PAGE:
The people must have easy, economical and intimidation-free access to the institutions of law, including the administration and courts. They must be able to get justice on a predictable timeline. They must also be able to feel that justice is being delivered equally—irrespective of caste, gender, region, economic status or political clout. 

Rule of law institutions must be strong enough to serve their purpose. Matters like trustworthiness in terms of their competence, impartiality, independence, accountability and legitimacy are of utmost importance. This will also determine whether their 

decisions are easily accepted and implemented.  

This will demand a change in all three elements mentioned above. In lawmaking, there is a need to expeditiously formulate essential laws, particularly in areas listed under the concurrent list of the constitutional schedule such as policing, civil service, education and health. 

The Rule of Procedure of the parliament should explicitly state that all MPs must attend at least 50 percent of the House meetings or face disciplinary action. The bills tabled in the parliament must be settled—passed or rejected—within a certain timeline within the session. 

There is a need to ensure participation in lawmaking for public ownership before implementing laws. Town hall meetings or mobile meetings of parliamentary committees at province and local levels can be held with help from civil society organizations to pre-inform the people about the laws. The authorities also need to be accountable to ensure proper implementation of laws.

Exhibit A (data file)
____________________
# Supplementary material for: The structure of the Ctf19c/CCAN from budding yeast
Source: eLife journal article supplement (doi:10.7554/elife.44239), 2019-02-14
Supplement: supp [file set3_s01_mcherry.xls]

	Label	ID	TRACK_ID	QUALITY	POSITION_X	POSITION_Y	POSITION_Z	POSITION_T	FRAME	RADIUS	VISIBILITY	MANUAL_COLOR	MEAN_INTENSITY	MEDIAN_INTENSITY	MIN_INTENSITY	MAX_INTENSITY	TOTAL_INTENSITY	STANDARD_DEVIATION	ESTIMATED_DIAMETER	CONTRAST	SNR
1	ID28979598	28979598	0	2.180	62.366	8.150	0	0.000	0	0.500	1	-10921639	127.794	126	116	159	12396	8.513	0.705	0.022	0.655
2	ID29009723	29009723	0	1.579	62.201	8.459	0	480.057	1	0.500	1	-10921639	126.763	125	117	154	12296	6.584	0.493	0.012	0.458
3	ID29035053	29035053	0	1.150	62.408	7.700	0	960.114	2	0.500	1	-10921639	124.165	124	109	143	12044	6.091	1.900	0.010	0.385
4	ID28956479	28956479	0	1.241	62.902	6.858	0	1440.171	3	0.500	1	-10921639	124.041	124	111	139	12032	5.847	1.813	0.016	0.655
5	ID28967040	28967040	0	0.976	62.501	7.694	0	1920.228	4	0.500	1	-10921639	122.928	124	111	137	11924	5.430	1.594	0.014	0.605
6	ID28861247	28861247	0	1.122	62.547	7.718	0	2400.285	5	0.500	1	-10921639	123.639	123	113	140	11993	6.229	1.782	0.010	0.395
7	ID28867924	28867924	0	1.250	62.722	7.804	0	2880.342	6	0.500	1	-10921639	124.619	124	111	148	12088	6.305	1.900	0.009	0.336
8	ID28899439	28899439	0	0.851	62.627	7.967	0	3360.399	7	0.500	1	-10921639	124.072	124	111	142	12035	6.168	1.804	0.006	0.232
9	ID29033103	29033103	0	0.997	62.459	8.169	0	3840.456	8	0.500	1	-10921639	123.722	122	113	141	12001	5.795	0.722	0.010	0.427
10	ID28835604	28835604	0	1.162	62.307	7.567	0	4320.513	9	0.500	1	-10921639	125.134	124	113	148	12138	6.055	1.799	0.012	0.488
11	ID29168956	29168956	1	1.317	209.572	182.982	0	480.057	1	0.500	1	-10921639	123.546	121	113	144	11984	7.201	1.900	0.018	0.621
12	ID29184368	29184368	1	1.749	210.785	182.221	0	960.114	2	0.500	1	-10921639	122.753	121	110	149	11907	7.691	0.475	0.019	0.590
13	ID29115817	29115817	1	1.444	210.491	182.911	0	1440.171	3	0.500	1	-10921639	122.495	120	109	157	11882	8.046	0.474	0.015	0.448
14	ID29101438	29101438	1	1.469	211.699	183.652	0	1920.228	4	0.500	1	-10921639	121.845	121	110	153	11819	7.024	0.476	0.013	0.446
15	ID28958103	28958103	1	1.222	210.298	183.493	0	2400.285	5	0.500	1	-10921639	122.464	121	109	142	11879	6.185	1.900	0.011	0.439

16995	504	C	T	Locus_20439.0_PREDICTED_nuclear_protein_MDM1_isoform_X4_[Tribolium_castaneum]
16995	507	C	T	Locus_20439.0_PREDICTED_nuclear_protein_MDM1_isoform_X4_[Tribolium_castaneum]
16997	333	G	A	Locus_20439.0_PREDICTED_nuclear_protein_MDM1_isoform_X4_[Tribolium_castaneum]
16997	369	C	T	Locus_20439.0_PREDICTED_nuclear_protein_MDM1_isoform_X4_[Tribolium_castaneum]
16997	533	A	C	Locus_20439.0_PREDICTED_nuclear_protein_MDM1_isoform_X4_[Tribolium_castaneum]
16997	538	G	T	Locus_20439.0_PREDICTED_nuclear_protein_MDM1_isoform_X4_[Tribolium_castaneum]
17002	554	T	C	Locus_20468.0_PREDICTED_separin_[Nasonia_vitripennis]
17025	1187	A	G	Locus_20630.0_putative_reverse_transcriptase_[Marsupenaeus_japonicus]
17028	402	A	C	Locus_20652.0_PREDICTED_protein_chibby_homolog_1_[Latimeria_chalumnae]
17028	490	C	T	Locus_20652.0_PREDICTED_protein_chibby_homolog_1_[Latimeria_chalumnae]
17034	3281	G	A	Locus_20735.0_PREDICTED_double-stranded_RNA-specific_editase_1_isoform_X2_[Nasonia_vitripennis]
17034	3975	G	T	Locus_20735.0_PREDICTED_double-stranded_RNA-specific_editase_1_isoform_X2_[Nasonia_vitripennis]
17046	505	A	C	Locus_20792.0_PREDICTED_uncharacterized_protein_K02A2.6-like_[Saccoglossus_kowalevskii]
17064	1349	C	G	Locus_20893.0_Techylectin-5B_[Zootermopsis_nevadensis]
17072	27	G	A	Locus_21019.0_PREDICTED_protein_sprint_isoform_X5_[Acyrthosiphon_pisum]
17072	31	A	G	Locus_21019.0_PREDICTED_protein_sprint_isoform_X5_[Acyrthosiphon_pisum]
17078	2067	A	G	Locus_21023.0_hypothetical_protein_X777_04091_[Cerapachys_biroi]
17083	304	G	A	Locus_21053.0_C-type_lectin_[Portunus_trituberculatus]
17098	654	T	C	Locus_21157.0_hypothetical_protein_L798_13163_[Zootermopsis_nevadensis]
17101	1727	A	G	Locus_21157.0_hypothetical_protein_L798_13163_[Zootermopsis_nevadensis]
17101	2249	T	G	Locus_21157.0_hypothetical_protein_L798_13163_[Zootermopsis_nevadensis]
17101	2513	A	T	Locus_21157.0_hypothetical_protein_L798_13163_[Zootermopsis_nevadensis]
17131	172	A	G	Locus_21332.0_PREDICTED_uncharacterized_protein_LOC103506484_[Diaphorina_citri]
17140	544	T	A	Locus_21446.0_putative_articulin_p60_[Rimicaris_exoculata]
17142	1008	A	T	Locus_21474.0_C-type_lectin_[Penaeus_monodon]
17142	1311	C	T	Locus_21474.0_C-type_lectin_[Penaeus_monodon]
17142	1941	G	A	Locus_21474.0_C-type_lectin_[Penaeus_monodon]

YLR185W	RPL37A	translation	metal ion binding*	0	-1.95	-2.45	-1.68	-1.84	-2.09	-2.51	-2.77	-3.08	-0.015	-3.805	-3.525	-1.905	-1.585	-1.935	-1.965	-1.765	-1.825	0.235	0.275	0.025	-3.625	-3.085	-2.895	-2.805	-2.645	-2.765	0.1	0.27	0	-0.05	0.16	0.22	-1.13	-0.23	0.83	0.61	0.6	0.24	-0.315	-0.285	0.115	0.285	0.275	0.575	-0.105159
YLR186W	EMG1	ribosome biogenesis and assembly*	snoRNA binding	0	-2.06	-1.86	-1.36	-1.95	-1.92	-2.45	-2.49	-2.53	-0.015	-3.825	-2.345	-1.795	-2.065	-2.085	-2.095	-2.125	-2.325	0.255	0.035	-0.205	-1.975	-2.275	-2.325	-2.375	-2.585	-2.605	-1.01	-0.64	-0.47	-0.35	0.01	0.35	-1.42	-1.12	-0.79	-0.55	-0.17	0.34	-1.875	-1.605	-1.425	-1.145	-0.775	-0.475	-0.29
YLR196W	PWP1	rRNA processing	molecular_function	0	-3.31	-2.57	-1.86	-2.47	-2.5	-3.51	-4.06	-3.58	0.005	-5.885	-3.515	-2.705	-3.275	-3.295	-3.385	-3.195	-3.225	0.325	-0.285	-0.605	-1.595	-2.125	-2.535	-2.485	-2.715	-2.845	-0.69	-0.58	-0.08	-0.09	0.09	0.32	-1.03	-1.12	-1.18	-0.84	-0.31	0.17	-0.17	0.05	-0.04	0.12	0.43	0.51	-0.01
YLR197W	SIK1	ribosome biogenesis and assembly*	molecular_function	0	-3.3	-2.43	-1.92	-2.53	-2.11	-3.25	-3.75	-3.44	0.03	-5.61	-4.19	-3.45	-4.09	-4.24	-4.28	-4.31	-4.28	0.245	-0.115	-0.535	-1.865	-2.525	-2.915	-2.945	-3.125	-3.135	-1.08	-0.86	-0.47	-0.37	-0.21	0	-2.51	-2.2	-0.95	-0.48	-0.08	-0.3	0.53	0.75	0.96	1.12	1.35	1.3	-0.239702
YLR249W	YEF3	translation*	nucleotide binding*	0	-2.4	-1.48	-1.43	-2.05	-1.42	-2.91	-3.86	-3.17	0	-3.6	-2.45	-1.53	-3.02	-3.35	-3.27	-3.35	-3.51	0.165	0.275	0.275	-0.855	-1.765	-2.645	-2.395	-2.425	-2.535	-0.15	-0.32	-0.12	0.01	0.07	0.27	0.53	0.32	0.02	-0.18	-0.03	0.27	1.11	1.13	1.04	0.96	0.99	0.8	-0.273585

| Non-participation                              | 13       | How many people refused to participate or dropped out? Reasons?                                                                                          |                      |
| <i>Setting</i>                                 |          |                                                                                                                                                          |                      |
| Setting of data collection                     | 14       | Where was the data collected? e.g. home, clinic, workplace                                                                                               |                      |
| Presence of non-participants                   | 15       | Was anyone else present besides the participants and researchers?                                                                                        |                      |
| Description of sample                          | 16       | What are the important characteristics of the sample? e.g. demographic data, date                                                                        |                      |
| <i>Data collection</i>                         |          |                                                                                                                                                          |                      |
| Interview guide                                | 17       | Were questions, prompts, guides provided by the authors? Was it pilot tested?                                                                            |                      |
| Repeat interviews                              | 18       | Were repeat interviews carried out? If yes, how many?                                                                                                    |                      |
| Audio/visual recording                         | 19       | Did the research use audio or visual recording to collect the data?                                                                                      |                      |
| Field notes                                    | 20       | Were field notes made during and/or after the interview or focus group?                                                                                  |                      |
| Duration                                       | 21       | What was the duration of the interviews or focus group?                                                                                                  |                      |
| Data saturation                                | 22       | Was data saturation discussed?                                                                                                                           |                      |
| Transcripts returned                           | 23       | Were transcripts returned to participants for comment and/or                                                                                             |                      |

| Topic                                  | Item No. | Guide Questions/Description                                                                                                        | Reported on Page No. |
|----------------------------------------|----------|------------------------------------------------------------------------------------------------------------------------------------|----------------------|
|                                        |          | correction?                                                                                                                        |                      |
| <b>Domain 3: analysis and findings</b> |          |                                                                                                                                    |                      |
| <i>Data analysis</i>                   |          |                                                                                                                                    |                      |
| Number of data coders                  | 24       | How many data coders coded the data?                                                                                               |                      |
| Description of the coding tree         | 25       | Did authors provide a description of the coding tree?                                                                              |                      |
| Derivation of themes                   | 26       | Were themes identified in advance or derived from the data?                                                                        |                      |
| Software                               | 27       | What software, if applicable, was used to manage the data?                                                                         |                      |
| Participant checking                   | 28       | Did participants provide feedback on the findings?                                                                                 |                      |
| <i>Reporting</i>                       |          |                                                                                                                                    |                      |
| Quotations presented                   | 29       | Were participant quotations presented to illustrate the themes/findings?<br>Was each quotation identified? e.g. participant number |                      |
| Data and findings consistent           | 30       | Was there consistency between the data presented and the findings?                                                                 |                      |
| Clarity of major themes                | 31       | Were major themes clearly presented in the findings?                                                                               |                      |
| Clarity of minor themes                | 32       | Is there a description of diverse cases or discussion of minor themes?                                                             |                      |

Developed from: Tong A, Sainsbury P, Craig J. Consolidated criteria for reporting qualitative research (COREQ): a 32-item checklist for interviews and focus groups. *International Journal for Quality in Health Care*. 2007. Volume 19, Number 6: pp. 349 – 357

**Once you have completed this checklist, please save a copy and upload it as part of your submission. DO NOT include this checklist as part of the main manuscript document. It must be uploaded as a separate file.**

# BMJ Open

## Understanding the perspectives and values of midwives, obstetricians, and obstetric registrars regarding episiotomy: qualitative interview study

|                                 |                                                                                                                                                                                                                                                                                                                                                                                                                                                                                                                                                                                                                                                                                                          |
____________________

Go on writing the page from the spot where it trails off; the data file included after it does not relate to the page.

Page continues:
In the institutional development aspect, there is a need to first ensure timely and full appointment of judges and court officials. They need to be held accountable to ensure economical, easy, timely and equal access to law and justice for the people. 

The judiciary also must settle cases on stipulated time and if any case is made to linger, there has to be accountability on the part of the courts. For example, a case against appointments in constitutional bodies has been lingering for three years without any justification. 

On the part of the people, they need to be empowered so that they can also rise and demand a robust rule of law in all spheres of their lives. Combined efforts of the executive, the legislature, the judiciary and the people will ensure a robust rule of law that is transparent and participatory.

The author is Executive Director of Nepal Law Society